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Angular size and resolution

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Presentation on theme: "Angular size and resolution"— Presentation transcript:

1 Angular size and resolution
Astronomers usually measure sizes in terms of angles (not lengths) This is because distances are seldom well known For small angles “theta”: tan(theta) = sin(theta) = theta theta = S/D where S is the distance between 2 objects and D is the distance from observer to the objects S theta D

2 Angles: units of measure
theta = S/D will yield angle in radians there are 2*pi (or roughly 2*3.1416) radians in a circle so 1 radian = 57 degrees degrees are often too big a unit to be useful 1 degree = 60 arc minutes; 1 arc minute = 60 arc seconds 1 degree = 3600 arcsec 1 radian = 2x105 arcsec

3 Angular yardsticks Easy yardstick: your fist Easy yardstick: the Moon
fist held at arms’ length subtends angle of about 5 degrees Easy yardstick: the Moon Moon’s disk: 1/2 degree in diameter (same for Sun) Moon’s disk is about 1/100 of a radian Moon’s disk is 30 arcmin or 1800 arcsec In the DRAWING: Point A: The sky appears blue due to scattering. The scattered light from the other ray is linearly polarized. Point B: When this person looks toward the sun the sky appears reddish because the most of the shorter wavelength light has already been scattered away.

4 Telescopes and magnification
Telescopes serve to magnify distant scenes Magnification = increase in angular size Simple refractor telescope (such as was used by Galileo and Kepler and contemporaries) involves use of 2 lenses objective lens: performs light collecting and forms intermediate image eyepiece: acts as magnifying glass to form magnified image that appears to be infinitely far away

5 Telescopes and magnification
Ray trace for refractor telescope demonstrates how the increase in magnification is achieved Seeing the Light, pp , 422 From similar triangles in ray trace, can show that magnification = -f(obj)/f(ep) f(obj) = focal length of objective lens f(ep) = focal length of eyepiece note that magnification is negative: image is inverted

6 Magnification: requirements
Unaided eye can distinguish shapes/shading on Moon’s surface (angular sizes of a few arc minutes) To increase Moon from “actual size” to “fist size” requires magnification of 10 (typical of binoculars) with binoculars, can easily see shapes/shading on Moon’s surface (angular sizes of 10’s of arcseconds) To see further detail you can use a small telescope w/ magnification of w/ small telescope can distinguish large craters (angular sizes of a few arc seconds)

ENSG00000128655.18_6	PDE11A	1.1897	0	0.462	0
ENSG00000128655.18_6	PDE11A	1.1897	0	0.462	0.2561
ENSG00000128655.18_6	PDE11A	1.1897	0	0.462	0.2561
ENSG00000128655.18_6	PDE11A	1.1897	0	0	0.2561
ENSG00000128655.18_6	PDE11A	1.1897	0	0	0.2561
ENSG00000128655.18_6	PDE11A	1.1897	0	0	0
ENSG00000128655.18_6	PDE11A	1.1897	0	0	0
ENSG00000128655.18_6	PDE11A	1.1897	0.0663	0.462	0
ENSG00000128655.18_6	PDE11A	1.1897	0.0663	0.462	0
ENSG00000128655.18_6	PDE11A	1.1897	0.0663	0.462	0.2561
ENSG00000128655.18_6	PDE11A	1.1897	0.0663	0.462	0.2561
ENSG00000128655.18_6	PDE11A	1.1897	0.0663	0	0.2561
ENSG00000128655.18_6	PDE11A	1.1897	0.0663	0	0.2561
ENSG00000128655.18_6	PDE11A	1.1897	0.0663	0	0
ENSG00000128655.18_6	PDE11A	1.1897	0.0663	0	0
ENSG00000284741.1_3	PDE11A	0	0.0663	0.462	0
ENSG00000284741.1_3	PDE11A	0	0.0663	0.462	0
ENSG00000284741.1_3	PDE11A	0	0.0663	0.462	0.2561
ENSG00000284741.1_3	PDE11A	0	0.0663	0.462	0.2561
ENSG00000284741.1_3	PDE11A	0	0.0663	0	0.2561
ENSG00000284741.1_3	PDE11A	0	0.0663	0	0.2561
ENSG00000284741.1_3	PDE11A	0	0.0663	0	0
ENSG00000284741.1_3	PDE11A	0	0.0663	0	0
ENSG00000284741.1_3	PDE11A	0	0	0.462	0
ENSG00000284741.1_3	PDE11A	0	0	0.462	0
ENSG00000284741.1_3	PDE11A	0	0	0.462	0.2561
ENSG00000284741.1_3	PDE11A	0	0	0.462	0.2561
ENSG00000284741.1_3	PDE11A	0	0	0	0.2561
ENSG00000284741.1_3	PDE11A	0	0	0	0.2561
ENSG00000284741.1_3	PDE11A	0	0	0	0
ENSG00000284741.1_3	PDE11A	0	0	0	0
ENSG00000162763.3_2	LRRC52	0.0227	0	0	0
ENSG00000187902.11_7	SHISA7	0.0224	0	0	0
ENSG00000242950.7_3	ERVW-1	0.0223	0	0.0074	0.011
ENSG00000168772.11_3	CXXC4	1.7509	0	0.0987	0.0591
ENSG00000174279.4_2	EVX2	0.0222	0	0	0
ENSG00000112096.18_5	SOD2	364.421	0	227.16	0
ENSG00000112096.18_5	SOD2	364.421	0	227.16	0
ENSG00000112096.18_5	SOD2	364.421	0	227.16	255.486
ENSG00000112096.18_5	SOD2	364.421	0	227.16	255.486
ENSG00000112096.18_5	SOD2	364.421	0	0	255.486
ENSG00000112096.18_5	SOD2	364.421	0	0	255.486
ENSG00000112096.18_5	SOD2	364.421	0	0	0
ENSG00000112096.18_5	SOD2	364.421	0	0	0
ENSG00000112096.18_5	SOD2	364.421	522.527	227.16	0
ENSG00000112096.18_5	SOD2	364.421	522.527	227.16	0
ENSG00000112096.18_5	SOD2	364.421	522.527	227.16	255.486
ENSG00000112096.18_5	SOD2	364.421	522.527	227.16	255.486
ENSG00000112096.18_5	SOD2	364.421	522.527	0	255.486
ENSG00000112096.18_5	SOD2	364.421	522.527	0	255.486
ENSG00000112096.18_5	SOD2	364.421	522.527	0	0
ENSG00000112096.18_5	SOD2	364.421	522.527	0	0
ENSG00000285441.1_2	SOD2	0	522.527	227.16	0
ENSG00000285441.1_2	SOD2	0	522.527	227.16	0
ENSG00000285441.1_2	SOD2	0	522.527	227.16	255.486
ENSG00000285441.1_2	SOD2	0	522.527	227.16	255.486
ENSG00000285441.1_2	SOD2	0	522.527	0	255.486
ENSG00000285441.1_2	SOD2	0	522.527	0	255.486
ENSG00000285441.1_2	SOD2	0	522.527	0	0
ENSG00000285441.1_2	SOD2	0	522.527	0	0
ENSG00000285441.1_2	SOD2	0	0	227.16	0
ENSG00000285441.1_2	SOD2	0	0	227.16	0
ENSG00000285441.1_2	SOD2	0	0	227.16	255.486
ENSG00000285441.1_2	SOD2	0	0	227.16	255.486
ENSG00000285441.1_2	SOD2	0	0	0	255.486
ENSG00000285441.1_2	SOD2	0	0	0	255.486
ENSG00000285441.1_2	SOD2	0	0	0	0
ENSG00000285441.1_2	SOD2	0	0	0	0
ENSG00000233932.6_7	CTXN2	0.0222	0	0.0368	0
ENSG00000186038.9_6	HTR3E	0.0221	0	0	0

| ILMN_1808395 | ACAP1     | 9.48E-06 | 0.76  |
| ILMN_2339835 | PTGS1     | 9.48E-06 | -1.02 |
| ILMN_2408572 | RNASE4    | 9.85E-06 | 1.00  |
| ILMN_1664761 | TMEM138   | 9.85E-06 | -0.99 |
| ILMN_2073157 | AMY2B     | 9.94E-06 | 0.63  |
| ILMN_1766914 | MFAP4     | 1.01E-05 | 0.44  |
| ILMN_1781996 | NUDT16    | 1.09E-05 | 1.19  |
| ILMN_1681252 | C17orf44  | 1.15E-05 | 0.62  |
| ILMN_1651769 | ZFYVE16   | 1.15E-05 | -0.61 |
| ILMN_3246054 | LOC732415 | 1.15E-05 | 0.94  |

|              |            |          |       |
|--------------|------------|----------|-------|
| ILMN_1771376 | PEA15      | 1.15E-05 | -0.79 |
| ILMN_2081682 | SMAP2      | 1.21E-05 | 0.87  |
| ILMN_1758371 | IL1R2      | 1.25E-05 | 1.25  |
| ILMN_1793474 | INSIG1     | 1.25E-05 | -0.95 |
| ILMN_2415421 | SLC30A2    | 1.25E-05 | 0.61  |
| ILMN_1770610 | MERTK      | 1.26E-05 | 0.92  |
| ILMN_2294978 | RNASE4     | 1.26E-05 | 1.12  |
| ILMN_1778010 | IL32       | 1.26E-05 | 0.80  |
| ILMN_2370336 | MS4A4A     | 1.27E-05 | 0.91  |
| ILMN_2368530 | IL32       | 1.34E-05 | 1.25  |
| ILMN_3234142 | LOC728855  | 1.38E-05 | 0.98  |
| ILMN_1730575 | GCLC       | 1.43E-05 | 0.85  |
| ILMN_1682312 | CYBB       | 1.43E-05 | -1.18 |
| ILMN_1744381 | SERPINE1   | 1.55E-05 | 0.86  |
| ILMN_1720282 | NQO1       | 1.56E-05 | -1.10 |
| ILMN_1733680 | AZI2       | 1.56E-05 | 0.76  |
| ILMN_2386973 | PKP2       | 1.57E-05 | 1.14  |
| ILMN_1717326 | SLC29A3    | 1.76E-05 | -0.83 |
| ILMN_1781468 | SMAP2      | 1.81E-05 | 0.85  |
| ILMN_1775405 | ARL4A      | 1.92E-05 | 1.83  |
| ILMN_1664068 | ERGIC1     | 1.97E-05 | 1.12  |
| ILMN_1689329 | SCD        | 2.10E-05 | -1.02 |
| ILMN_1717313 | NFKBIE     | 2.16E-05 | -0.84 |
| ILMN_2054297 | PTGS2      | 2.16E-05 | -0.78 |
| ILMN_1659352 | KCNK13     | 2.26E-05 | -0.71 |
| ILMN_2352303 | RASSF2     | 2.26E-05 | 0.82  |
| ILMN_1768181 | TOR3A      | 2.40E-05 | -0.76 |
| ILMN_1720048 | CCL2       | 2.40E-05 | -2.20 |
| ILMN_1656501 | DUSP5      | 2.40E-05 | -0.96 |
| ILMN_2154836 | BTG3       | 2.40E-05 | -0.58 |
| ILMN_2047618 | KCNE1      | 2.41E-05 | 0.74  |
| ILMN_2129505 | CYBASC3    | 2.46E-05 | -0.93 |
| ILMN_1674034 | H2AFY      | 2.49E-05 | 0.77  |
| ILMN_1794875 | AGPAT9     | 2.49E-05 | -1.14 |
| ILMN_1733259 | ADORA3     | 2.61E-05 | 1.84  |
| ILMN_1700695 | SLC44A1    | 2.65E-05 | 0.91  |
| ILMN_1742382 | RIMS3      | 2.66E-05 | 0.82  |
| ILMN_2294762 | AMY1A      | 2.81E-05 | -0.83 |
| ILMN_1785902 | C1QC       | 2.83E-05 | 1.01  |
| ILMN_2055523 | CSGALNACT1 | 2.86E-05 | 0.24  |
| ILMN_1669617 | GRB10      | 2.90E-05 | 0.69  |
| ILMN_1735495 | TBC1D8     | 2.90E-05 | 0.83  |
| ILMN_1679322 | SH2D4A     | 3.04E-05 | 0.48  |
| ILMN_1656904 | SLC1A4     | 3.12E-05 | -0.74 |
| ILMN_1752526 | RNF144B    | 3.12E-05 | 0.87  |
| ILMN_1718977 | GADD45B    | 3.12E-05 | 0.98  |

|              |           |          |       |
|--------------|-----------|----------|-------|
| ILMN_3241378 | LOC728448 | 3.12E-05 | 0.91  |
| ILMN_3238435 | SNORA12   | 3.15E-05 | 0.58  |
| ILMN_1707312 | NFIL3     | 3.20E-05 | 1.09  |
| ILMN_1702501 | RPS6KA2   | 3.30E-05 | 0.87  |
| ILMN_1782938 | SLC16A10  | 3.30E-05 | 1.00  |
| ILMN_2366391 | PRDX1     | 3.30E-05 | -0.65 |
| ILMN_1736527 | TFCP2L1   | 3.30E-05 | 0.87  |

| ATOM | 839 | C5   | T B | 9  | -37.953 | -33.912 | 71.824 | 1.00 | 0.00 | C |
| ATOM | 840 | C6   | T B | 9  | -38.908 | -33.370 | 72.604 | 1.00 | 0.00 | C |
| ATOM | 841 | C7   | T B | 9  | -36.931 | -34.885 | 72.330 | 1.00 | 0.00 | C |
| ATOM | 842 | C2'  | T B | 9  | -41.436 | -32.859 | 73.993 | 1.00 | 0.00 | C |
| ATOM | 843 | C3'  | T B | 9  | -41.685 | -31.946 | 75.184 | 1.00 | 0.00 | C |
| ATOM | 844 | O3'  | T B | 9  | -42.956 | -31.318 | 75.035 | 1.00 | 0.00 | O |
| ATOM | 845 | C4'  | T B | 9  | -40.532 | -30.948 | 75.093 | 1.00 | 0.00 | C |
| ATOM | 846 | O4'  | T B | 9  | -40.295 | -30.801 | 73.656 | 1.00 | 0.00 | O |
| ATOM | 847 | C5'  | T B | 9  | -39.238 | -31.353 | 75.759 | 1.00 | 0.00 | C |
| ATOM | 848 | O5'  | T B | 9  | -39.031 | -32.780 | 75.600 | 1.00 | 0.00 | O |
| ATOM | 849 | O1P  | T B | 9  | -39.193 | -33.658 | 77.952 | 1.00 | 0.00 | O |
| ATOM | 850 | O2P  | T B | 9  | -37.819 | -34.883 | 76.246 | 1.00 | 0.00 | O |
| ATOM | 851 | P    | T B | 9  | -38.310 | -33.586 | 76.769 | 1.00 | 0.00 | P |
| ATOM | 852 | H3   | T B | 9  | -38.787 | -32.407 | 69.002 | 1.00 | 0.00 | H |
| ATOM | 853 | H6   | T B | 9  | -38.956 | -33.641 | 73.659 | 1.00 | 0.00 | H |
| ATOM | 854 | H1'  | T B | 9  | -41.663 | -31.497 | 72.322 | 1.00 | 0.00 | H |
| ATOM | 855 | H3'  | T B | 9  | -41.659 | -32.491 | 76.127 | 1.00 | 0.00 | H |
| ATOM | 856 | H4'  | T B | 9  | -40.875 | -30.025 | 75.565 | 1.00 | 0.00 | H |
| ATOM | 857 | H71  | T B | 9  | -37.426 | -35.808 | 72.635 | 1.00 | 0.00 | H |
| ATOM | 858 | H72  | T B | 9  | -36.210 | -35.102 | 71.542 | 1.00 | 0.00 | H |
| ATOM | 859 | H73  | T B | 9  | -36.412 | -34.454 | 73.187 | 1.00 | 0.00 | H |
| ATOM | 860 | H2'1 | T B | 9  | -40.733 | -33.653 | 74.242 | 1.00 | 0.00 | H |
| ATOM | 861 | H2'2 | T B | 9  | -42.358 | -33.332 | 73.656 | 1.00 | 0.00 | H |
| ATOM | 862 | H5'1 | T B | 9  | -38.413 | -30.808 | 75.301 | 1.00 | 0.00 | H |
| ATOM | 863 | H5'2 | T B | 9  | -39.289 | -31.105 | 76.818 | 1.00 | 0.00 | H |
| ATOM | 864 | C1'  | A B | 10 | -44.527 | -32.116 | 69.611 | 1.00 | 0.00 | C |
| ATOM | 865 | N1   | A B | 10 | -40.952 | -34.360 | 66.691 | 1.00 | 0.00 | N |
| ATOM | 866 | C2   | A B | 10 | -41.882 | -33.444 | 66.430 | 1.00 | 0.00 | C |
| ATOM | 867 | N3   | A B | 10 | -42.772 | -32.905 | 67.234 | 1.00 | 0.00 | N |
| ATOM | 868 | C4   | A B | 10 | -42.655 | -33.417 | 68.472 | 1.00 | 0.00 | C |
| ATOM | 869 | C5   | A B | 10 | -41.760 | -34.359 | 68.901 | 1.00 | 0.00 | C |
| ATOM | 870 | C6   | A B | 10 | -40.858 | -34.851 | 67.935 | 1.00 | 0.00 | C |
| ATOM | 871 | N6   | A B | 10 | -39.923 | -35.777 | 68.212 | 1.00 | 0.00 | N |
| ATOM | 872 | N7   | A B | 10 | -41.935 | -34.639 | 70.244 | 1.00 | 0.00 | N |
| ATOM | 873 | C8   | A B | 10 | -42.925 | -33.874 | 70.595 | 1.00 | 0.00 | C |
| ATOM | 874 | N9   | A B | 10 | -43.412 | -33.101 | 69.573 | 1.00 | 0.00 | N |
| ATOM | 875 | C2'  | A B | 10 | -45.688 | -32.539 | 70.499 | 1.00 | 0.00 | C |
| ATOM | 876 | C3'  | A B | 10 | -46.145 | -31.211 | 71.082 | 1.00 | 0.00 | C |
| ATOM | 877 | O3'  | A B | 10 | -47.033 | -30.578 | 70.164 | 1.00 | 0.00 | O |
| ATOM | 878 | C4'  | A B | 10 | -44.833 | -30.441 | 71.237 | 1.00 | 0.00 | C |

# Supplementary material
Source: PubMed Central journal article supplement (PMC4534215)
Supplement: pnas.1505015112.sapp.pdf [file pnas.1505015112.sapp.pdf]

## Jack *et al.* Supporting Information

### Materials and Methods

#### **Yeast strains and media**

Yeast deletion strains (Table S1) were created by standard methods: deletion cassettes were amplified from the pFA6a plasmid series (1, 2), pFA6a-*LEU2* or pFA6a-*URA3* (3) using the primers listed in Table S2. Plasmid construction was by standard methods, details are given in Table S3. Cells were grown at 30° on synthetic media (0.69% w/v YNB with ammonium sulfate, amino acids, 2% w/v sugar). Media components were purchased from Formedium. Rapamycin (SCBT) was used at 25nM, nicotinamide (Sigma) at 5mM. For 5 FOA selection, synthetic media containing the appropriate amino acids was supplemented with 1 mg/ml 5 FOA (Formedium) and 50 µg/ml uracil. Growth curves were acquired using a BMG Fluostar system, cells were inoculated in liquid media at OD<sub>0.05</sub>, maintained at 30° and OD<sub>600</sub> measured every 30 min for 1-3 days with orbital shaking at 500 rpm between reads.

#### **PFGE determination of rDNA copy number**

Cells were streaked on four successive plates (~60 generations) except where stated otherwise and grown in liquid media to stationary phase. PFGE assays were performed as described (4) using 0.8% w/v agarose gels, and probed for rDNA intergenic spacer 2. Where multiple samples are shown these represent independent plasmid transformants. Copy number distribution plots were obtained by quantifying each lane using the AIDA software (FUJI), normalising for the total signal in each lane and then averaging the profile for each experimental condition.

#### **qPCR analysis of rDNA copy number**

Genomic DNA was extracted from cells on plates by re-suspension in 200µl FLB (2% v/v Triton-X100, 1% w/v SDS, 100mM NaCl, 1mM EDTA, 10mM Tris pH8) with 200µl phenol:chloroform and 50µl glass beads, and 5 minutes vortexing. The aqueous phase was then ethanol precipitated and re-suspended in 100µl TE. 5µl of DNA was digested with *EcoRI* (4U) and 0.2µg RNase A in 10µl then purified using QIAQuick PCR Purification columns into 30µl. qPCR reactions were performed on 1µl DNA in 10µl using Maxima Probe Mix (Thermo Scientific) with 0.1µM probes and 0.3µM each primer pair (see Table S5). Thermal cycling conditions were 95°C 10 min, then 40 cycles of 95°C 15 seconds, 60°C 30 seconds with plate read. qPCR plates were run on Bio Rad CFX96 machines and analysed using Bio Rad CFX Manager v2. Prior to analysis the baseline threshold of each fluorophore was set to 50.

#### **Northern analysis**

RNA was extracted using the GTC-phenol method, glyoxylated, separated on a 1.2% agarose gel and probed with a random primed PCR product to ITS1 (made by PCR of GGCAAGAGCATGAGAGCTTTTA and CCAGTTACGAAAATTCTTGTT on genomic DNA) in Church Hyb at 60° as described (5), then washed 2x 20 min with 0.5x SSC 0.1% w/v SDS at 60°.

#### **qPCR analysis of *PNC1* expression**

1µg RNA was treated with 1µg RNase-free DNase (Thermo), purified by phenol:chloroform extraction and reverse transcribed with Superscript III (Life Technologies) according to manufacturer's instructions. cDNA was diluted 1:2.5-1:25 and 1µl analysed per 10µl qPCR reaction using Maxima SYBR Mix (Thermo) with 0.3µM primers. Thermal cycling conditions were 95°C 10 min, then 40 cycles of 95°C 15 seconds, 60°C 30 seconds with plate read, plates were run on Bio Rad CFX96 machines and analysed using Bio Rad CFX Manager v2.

7 Aside: parallax and distance
The only direct measure of distance astronomers have for objects beyond the solar system is parallax Parallax: apparent motion of nearby stars (against a background of very distant stars) as Earth orbits the Sun Requires taking images of the same star at two different times of the year Background star Foreground star CAUTION: NOT TO SCALE

8 Parallax as a distance measure
Reference star Parallax (P) Image 1 Image 2 (6 months later) Apparent motion of 1 arcsec is defined as a distance of 1 parsec (parallax second) 1 parsec (pc) = 3.26 light years 1 light year = distance light travels in 1 year 1 parsec = 3.26 * 60sec * 60min * 24hrs * 365days * 3x105 km/sec so, 1 parsec (pc) is roughly 3x1013 km (about 20 trillion miles) D = 1/P where D is distance in pc, P is parallax in arcsec

9 Magnification: limitations
Can you use a small telescope (or a large one for that matter) to increase the angular size of the nearest star to the angular size of the Sun? nearest star, alpha Cen, has physical diameter similar to Sun but a distance of 1.3 pc (4.3 light years), or about 1.5x1013 km from Earth Sun is 1.5x108 km from Earth => required magnification is 100,000

10 Magnification: limitations
Can one magnify images by arbitrarily large factors? Increasing magnification involves “spreading light out” over a larger imaging (detector) surface necessitates ever-larger light-gathering power Before this become problematic, most telescope hit their diffraction limit limiting angle roughly equal to lambda/D radians, where lambda is wavelength and D is telescope diameter Typically, before diffraction becomes a problem, the atmosphere becomes a nuisance most telescopes limited by “seeing”: image smearing due to atmospheric turbulence

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